• Exercise caution when dealing with solicitations outside your normal business scope.
  • Always confirm orders before authorizing payments.
  • Check the security of websites.

Whenever conducting online transactions or sharing sensitive information, ensure the website is trustworthy. Keep an eye out for “https” in the URL and the presence of a lock icon in your browser’s address bar, which indicate a secure connection.


  • Work with a Trusted Payment Processor

Established processors have robust security protocols, advanced fraud-detection systems, and a track record of safeguarding transactions. By choosing a trusted partner, you benefit from their expertise in identifying and preventing fraudulent activities, reducing the risk of unauthorized transactions, chargebacks, and data breaches. 


  • Timely Reconciliation

Maintain a routine of reconciling your financial accounts. Regular reconciliation is the best payment-fraud prevention technique that can help you identify discrepancies and address issues promptly.


  • Stay Updated

Continuously update your software and security measures. Keeping your systems and applications current is crucial for staying one step ahead of potential vulnerabilities that fraudsters might exploit.

The Importance of Reconciliation

Reconciliation is the process of meticulously comparing a company’s general ledger with bank statements to identify discrepancies such as math errors, outstanding checks, bank fees, and, most importantly of all, potential fraudulent transactions that may otherwise go unnoticed.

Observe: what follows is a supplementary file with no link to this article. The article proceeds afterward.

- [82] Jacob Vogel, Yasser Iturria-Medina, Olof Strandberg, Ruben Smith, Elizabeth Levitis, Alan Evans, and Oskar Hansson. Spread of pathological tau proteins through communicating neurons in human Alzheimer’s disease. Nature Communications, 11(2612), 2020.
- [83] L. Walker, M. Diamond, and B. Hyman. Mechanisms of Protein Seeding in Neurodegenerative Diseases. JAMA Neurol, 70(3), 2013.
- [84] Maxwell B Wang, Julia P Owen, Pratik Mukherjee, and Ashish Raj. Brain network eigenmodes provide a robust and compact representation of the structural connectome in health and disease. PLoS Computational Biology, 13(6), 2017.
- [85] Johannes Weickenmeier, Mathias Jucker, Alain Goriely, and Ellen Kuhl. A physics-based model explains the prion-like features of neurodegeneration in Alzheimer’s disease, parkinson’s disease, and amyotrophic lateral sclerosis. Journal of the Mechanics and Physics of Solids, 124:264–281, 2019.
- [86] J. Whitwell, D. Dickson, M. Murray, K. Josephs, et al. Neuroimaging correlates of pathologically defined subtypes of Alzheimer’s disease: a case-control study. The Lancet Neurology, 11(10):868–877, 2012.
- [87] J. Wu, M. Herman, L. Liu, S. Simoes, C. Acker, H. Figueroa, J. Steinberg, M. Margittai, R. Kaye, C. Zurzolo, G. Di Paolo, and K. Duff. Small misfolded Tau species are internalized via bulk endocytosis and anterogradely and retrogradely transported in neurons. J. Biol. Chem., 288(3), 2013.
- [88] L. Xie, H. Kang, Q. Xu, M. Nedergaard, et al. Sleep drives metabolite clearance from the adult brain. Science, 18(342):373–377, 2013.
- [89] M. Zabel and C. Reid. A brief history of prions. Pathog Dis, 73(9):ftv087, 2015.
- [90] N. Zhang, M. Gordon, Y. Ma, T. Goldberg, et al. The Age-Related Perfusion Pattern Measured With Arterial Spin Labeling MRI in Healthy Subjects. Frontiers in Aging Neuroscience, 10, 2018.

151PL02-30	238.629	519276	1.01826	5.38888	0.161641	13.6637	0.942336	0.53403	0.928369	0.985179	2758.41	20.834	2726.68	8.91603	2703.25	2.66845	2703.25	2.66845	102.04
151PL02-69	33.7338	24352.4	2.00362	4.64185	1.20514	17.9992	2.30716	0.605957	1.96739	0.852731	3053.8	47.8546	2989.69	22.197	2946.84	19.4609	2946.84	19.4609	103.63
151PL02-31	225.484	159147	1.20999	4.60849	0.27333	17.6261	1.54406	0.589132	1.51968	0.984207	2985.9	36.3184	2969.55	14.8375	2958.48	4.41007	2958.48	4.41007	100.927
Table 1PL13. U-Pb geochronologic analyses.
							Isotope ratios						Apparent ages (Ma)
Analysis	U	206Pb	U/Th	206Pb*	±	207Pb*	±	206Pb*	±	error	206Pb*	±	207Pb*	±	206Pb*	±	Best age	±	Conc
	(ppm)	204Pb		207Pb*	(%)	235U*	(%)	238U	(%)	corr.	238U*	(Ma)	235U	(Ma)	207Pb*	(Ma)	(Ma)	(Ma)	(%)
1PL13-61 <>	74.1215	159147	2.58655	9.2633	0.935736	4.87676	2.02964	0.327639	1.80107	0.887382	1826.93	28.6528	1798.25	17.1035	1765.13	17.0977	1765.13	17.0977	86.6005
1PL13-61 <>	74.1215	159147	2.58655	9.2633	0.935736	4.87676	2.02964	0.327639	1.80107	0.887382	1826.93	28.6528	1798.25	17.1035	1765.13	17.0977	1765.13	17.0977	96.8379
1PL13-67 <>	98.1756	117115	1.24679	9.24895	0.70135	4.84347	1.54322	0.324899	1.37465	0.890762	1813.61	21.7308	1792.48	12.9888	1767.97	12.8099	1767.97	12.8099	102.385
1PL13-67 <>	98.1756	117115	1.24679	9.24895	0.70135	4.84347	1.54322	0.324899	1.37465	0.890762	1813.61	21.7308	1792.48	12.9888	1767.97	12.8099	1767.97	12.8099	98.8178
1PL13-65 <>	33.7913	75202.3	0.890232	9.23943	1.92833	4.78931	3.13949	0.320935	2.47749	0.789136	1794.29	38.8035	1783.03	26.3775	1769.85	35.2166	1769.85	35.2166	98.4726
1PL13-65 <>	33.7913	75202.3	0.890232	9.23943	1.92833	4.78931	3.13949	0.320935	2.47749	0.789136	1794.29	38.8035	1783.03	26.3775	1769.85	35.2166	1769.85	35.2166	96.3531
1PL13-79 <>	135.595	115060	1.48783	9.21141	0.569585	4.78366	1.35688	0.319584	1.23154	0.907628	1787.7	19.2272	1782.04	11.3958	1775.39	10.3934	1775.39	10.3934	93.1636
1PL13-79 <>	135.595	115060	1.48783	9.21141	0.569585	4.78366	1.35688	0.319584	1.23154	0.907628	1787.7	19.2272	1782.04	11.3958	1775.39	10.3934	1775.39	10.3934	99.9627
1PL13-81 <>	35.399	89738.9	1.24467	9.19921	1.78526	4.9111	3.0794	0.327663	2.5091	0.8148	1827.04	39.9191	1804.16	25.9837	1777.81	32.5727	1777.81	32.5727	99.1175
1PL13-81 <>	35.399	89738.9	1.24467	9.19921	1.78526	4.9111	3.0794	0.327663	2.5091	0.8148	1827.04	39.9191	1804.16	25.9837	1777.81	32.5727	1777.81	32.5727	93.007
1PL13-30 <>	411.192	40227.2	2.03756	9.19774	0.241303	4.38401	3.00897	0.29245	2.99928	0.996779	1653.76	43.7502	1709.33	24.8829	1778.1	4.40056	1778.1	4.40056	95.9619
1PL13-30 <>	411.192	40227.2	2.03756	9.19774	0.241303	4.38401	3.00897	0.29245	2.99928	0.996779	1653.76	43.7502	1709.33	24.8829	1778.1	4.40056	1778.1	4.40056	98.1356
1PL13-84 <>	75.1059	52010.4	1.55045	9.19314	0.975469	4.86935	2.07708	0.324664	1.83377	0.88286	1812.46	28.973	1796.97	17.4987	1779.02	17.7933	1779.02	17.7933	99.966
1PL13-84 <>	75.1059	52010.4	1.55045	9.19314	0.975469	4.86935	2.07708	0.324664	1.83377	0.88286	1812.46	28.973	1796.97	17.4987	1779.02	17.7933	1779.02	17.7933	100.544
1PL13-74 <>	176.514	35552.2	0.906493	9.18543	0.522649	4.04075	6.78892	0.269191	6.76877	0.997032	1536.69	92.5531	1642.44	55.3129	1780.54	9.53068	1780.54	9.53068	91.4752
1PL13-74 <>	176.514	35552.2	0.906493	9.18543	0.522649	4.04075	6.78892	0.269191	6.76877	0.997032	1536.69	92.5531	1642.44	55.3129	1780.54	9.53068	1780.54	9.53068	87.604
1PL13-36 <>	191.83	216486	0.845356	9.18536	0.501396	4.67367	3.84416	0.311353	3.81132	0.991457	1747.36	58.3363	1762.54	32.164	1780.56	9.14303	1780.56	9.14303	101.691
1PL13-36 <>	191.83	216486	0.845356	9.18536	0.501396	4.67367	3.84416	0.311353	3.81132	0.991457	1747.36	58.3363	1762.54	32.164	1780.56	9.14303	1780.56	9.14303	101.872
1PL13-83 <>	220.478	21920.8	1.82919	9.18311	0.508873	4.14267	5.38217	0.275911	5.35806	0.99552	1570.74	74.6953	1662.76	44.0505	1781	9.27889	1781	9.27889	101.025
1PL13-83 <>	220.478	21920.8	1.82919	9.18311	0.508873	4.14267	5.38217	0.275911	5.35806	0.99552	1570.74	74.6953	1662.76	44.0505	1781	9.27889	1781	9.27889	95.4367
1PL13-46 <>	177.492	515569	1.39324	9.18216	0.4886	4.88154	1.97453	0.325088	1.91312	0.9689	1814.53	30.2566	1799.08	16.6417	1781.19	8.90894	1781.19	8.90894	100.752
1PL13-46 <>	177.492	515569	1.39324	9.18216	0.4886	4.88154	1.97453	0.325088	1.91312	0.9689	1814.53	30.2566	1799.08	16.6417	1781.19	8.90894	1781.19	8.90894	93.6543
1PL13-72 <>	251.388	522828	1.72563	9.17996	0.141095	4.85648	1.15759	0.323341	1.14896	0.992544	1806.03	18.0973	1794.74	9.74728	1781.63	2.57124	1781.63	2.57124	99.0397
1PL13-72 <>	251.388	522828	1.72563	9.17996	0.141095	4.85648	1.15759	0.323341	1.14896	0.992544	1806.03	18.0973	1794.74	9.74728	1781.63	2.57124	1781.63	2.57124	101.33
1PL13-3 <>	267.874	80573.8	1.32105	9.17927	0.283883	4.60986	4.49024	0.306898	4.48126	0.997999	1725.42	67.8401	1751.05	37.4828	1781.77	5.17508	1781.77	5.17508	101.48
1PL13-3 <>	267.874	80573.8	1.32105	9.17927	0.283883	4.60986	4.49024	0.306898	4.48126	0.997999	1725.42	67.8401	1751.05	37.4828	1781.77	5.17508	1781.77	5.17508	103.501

Regular reconciliation serves as a powerful early-warning system that can uncover inaccuracies and inconsistencies. In cases of suspected fraud, it can also provide a foundation for launching investigations. To successfully incorporate reconciliation into your finance-management practices, be sure to consider the following factors:


  • Frequency of Reconciliation

The frequency of reconciliation should align with the specific needs and size of your business. Small businesses may perform reconciliation on a monthly basis, while larger enterprises might opt for weekly or even daily reconciliations. With this, also consider the volume and complexity of financial transactions for timely payment-fraud prevention.


  • Reconciliation Process

The reconciliation process should be a structured and well-documented procedure that includes clear steps for identifying discrepancies and potential fraud indicators, reporting, and addressing.


  • Manual vs. Automated Reconciliation

Manual reconciliation requires significant time and effort, which can lead to human errors. In contrast, automated reconciliation tools and software can reduce manual data entry, enhancing accuracy and efficiency. Additionally, these tools can flag potential discrepancies for closer inspection and provide an audit trail, making it easier to identify and address fraudulent transactions.

Protect Your Payments

The importance of payment-fraud prevention cannot be overstated. It is critical for protecting yourself and your business finances against criminal technology and tactics that get more sophisticated by the day. More than ever, it is vital to stay vigilant and adopt fraud-detection strategies — such as modern security tools, regular reconciliation, and partnering with a trusted payment processor like MerchantE — for comprehensive online payment-fraud prevention. 


With over 20 years of experience and expertise, MerchantE is a reliable leader in secure payment-processing solutions, offering domestic, international, on-site, and online payment security. 

Explore our website to learn more about our payment services and how we can protect your business’s finances.